Star Hybrid Pros will want a good salary but they want other benefits too.

 

Employees and their specific lifestyle, learning style, desire for experience and engagement, and unique motivational rewards have to underpin  your business model.

Such incentivizing is certainly part of Google’s business model and is how they foster creativity and imagination.

Optimally, you have to give them freedom to add value, grow and feel empowered. This way, they will generate the revenue you’ll need to pay them. Basically, they’ll pay themselves and you’ll get a sizable cut.

There are 7 more chapters including building a scalable infrastructure, controlling the sales funnel, and optimizing inbound marketing strategy. There’s plenty more insights from Roetzer to filter through. I’m going to explore all of it further chapter by chapter because I think it answers a lot of questions, and stimulates interesting thought on how to run a business today.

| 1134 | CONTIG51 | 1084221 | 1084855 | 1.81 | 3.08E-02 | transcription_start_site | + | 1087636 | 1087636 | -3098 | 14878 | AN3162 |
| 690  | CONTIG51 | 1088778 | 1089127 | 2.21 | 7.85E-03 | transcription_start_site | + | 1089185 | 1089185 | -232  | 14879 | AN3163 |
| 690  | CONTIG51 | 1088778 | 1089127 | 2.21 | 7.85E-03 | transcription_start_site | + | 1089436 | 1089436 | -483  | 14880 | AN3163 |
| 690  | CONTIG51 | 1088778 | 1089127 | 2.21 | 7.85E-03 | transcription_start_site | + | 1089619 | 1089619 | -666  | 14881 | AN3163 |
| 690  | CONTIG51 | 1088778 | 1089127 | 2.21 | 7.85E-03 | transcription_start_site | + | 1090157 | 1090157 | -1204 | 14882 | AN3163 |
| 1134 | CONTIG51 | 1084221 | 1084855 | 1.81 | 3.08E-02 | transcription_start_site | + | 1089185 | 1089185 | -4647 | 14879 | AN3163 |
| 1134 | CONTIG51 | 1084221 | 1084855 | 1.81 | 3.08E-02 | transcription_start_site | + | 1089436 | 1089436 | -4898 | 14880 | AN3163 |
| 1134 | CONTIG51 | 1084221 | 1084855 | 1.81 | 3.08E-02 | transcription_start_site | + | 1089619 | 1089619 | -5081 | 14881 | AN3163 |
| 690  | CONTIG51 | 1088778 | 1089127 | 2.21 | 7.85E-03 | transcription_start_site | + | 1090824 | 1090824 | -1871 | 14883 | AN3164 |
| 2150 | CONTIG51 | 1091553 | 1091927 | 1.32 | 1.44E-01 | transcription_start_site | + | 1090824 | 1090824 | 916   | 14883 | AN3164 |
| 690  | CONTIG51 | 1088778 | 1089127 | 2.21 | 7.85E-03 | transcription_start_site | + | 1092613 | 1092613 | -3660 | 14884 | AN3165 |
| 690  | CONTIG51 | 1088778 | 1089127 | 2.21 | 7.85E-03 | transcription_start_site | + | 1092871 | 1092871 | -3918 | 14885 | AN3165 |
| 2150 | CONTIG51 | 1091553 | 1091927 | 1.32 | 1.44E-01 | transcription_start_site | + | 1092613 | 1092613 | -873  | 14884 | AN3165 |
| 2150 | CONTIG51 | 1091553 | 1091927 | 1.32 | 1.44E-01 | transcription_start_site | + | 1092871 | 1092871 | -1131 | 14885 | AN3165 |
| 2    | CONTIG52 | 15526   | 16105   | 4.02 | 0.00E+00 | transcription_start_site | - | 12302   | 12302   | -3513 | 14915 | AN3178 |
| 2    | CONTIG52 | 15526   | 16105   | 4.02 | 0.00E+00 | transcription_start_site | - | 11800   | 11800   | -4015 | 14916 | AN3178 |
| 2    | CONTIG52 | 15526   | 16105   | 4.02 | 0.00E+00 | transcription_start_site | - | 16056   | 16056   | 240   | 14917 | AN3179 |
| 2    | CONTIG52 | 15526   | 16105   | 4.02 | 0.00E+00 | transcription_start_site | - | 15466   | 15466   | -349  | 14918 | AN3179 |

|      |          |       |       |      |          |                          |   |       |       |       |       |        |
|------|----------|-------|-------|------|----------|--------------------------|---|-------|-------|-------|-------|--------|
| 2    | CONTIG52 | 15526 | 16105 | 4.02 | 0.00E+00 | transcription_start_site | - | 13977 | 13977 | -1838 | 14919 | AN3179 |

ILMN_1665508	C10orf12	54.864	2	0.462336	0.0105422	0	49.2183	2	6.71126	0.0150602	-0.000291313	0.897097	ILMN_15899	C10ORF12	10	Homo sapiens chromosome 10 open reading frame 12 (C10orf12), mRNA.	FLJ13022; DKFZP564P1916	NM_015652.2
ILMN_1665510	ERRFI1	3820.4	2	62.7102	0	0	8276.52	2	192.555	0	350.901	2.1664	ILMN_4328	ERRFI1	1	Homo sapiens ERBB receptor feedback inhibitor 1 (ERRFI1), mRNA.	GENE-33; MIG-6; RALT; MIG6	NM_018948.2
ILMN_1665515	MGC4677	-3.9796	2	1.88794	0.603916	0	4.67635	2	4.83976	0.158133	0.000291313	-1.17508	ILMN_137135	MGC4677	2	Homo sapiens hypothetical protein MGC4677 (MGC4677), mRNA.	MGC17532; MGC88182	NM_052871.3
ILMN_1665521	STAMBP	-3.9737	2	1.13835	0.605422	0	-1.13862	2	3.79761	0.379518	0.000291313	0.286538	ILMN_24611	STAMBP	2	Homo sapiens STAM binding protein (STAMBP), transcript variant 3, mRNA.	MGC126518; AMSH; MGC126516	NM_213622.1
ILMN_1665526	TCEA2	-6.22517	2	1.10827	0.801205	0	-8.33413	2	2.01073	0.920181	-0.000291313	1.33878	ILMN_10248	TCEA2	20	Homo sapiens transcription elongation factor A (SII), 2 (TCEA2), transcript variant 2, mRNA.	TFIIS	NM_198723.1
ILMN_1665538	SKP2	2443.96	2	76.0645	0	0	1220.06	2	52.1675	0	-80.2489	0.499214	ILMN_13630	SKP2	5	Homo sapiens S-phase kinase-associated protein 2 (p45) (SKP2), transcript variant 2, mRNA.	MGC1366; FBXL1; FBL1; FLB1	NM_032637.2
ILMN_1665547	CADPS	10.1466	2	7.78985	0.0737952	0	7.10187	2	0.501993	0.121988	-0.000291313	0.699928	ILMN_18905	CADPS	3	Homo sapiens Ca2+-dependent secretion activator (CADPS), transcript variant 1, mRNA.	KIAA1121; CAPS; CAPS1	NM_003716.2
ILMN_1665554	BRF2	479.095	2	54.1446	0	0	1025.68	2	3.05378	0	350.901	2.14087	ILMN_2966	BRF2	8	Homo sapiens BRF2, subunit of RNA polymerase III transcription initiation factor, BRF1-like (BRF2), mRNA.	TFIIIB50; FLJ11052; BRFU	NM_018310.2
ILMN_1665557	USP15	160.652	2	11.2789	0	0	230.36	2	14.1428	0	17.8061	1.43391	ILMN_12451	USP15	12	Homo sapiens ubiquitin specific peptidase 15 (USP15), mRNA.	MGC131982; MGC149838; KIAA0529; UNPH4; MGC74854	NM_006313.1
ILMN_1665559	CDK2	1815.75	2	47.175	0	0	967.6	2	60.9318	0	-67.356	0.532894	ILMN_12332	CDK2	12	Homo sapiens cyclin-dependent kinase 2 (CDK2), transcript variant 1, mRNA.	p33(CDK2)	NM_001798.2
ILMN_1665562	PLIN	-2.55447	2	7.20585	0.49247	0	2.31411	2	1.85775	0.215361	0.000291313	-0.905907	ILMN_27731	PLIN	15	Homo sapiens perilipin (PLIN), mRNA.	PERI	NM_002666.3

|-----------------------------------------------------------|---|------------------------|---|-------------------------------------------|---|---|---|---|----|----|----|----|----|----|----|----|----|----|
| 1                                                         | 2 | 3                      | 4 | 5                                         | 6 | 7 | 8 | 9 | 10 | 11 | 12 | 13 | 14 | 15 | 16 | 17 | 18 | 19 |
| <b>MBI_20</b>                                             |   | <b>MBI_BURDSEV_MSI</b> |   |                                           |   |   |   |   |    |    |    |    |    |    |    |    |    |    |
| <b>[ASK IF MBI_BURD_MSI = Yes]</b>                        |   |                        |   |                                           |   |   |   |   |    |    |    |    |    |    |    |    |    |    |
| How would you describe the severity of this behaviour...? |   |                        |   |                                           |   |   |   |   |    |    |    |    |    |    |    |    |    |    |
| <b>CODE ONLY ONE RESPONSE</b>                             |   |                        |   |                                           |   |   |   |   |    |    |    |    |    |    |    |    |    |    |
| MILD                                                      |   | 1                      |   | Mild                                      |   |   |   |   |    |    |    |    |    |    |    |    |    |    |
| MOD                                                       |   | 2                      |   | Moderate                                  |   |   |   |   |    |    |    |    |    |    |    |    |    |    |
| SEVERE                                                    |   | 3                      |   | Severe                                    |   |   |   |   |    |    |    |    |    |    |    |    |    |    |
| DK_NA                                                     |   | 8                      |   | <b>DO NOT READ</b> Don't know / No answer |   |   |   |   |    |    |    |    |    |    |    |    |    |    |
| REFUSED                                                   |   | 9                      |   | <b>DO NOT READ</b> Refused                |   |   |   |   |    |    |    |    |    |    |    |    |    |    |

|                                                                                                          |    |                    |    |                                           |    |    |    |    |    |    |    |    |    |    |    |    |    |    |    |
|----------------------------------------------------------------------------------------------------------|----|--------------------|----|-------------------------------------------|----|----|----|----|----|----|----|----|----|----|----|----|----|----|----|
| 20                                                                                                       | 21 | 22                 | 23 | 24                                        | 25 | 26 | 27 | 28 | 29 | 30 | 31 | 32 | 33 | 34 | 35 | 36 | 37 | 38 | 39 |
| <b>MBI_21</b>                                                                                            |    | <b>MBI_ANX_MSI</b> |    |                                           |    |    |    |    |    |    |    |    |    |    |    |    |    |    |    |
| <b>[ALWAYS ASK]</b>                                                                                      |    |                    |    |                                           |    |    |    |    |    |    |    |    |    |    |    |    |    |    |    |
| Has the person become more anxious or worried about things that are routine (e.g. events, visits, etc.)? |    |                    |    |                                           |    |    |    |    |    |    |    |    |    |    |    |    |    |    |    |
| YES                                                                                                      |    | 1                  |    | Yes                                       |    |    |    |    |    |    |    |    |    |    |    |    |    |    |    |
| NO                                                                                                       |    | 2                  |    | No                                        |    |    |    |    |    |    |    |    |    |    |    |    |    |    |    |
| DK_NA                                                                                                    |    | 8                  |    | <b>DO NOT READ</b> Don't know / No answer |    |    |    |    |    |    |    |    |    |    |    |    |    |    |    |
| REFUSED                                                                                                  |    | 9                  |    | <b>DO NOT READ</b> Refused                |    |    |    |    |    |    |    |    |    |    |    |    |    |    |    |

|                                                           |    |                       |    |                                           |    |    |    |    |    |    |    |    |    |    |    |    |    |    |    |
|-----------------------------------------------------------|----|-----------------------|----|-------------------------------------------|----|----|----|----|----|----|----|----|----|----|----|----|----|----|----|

The Marketing Agency Blueprint is a good read for anyone in business, even those who don’t need a marketing agency.

 

I hope we’ll speak soon to collaborate to help you build the most cost effective yet productive digital marketing agency.  Let’s talk now at 416 998 6246.

I serve local businesses in San Diego, Los Angeles, San Francisco, Sacramento, San Jose, and Phoenix.